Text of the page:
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He loosed the rein, his slack hand fell ;
Upon the silent face

He cast one long, deep, troubled look-
Then turn'd from that sad place.
His hope was crush'd, his after fate
Untold in martial strain;

His banners led the spears no more,

Amid the hills of Spain.-MRS HEMANS.

SCIPIO'S GENEROSITY.

When, to his glorious first essay in war,
New Carthage fell, there all the flower of Spain
Were kept in hostage: a full field presenting
For Scipio's generosity to shine.-A noble virgin,
Conspicuous far o'er all the captive dames,

An eye,

Was mark'd the general's prize. She wept, and blush'd;
Young, fresh, and blooming, like the morn.
As when the blue sky trembles through a cloud
Of purest white. A secret charm combined

Her features, and infused enchantment through them.
Her shape was harmony. But eloquence

Beneath her beauty fails; which seem'd on purpose
By nature lavish'd on her, that mankind
Might see the virtue of a hero tried

Almost beyond the stretch of human force.
Soft as she pass'd along with downcast eyes,
Where gentle sorrow swell'd, and, now and then,
Dropp'd o'er her modest cheeks a trickling tear,
The Roman legions languish'd, and hard War
Felt more than pity; even their chief himself,
As on his high tribunal raised he sat,

Turn'd from the dangerous sight, and chiding, ask'd
His officers, if by this gift they meant

To cloud his glory in its very dawn.

She, question'd of her birth, in trembling accents,
With tears and blushes broken, told her tale.
But when he found her royally descended;
Of her old captive parents the sole joy;
And that a hapless Celtiberian prince,
Her lover, and beloved, forgot his chains,
His lost dominions, and for her alone

Wept out his tender soul; sudden the heart
Of this young, conquering, loving, godlike Roman
Felt all the great divinity of virtue.

His wishing youth stood check'd, his tempting power
Restrain'd by kind humanity.-At once

He for her parents and her lover call'd.

The various scene imagine. How his troops
Look'd dubious on, and wonder'd what he meant ;
While stretch'd below the trembling suppliants lay,
Rack'd by a thousand mingling passions-fear,
Hope, jealousy, disdain, submission, grief,
Anxiety, and love in every shape.

To these as different sentiments succeeded,
As mix'd emotions, when the man divine
Thus the dread silence to the lover broke:

"We both are young; both charm'd. The right of war
Has put thy beauteous mistress in my power;
With whom I could, in the most sacred ties,
Lead out a happy life. But know that Romans,
Their hearts, as well as enemies, can conquer;
Then, take her to thy soul: and with her take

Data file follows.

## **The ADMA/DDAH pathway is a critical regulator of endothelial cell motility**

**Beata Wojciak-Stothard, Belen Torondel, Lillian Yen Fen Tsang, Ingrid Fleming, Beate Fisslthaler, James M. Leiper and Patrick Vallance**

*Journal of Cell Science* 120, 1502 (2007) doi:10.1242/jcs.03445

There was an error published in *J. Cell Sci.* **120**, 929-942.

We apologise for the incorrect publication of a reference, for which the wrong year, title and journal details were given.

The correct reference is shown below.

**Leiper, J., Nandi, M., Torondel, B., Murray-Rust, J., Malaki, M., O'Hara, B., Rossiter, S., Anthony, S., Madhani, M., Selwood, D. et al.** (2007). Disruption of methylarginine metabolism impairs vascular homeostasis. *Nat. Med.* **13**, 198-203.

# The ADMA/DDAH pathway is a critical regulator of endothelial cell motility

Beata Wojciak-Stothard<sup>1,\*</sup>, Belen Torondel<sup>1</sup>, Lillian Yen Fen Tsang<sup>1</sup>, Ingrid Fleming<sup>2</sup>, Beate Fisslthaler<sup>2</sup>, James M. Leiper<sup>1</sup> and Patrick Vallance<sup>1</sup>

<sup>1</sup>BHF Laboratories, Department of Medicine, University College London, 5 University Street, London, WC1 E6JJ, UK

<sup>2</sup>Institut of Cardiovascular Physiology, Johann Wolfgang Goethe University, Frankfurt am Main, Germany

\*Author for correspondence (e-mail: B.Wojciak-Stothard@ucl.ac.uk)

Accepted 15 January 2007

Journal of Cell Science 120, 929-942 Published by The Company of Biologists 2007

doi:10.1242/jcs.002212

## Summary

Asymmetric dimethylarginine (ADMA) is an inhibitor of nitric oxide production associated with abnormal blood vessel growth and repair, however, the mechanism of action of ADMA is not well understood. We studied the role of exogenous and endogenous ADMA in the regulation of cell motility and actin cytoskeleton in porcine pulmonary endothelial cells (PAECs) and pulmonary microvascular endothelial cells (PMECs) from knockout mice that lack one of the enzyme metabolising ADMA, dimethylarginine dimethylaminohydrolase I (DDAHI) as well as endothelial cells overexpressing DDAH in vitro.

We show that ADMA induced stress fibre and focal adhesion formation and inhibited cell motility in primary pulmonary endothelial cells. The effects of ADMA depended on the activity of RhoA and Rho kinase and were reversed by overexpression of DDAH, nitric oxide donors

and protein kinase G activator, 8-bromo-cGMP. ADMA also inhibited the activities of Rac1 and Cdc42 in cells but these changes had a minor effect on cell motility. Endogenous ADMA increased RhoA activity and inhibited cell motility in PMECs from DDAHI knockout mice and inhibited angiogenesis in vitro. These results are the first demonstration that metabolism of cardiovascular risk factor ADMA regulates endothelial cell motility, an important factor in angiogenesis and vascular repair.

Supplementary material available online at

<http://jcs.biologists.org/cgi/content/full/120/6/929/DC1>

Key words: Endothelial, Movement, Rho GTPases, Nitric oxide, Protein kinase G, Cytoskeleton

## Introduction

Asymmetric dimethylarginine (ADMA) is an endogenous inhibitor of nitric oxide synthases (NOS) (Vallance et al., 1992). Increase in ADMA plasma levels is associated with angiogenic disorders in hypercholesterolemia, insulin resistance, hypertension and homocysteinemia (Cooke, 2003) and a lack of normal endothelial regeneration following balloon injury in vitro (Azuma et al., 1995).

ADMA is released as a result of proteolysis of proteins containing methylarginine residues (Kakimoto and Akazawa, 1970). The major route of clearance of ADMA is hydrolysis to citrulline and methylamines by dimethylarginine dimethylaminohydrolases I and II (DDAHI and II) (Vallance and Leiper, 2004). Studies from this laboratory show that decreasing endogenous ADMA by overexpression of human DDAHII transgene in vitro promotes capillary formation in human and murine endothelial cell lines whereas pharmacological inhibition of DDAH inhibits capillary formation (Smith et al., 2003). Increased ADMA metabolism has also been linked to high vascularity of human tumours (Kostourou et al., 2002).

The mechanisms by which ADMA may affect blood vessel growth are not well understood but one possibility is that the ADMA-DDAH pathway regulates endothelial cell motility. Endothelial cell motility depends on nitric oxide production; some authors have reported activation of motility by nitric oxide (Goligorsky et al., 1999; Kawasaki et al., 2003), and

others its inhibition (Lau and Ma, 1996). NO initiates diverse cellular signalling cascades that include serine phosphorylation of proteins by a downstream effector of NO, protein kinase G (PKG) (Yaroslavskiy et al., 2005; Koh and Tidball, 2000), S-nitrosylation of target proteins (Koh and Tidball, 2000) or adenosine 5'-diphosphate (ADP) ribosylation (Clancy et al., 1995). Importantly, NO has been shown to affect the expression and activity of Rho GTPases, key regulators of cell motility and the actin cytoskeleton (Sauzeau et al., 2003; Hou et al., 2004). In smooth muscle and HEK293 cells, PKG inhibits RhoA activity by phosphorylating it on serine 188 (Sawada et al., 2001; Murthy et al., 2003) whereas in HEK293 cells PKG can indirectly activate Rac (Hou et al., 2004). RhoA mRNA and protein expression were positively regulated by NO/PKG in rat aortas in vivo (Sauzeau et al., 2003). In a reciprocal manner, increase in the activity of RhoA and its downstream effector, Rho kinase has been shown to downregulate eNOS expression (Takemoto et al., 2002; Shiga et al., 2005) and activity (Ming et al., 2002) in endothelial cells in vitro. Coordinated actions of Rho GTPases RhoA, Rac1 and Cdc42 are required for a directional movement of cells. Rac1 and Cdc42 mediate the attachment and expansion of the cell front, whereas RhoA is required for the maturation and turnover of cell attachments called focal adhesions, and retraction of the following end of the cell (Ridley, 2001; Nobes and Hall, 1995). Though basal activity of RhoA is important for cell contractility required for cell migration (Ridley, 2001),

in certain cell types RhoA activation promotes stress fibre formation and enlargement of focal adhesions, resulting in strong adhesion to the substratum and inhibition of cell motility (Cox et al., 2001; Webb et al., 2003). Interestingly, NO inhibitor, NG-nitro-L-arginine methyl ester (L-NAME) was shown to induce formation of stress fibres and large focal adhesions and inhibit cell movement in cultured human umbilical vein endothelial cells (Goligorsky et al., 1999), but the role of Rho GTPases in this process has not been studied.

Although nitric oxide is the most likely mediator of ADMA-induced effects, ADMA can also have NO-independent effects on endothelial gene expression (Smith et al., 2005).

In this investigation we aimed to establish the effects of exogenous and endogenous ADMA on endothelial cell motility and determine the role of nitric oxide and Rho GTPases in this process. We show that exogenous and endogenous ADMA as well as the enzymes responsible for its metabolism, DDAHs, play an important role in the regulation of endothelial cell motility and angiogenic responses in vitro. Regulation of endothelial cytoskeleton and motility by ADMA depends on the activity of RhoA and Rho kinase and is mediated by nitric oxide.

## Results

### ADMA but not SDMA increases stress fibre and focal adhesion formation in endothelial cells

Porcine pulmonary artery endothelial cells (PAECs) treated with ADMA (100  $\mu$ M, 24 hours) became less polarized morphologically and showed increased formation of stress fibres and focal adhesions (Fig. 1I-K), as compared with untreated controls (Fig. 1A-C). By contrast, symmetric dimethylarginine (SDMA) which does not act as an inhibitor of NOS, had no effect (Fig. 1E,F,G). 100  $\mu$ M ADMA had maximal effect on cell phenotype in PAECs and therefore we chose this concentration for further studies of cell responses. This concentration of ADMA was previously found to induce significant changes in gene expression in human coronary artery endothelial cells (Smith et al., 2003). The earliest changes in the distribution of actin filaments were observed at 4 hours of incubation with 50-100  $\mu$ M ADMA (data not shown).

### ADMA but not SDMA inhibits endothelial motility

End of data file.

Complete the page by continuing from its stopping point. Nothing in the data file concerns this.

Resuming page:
Thy liberty and kingdom. In return,

you

I ask but this-when behold these eyes,
These charms with transport, be a friend to Rome."
Ecstatic wonder held the lovers mute;

While the loud camp, and all the clustering crowd
That hung around, rang with repeated shouts.
Fame took the alarm, and through resounding Spain
Blew fast the fair report; which more than arms
Admiring nations to the Romans gain'd.-THOMSON.

THE BURIAL OF SIR JOHN MOORE.

Not a drum was heard, not a funeral note,
As his corse o'er the ramparts we hurried;
Not a soldier discharged his farewell shot,
O'er the grave where our hero was buried.

We buried him darkly, at dead of night,
The sods with our bayonets turning,
By the struggling moonbeam's dusky light,
And our lanterns dimly burning.

No useless coffin enclosed his breast,

Nor in sheet nor in shroud we wound him; But he lay like a warrior taking his restWith his martial cloak around him!

Few and short were the prayers we said,
And we spoke not a word of sorrow;
But we steadfastly gazed on the face of the dead,
And we bitterly thought of to-morrow-

We thought as we hollow'd his narrow bed,
And smooth'd down his lonely pillow-

How the foe and the stranger would tread o'er his head, And we far away on the billow!

Lightly they'll talk of the spirit that's gone,
And o'er his cold ashes upbraid him;
But nothing he'll reck, if they let him sleep on
In the grave where a Briton has laid him.

But half of our heavy task was done,

When the clock toll'd the hour for retiring, And we heard by the distant and random That the foe was suddenly firing

Slowly and sadly we laid him down,

gun,

From the field of his fame, fresh and gory! We'carved not a line, we raised not a stone, But we left him alone in his glory!—WOLFE.

THE SUNSET, OF BATTLE.

Twilight closes,
The last charg-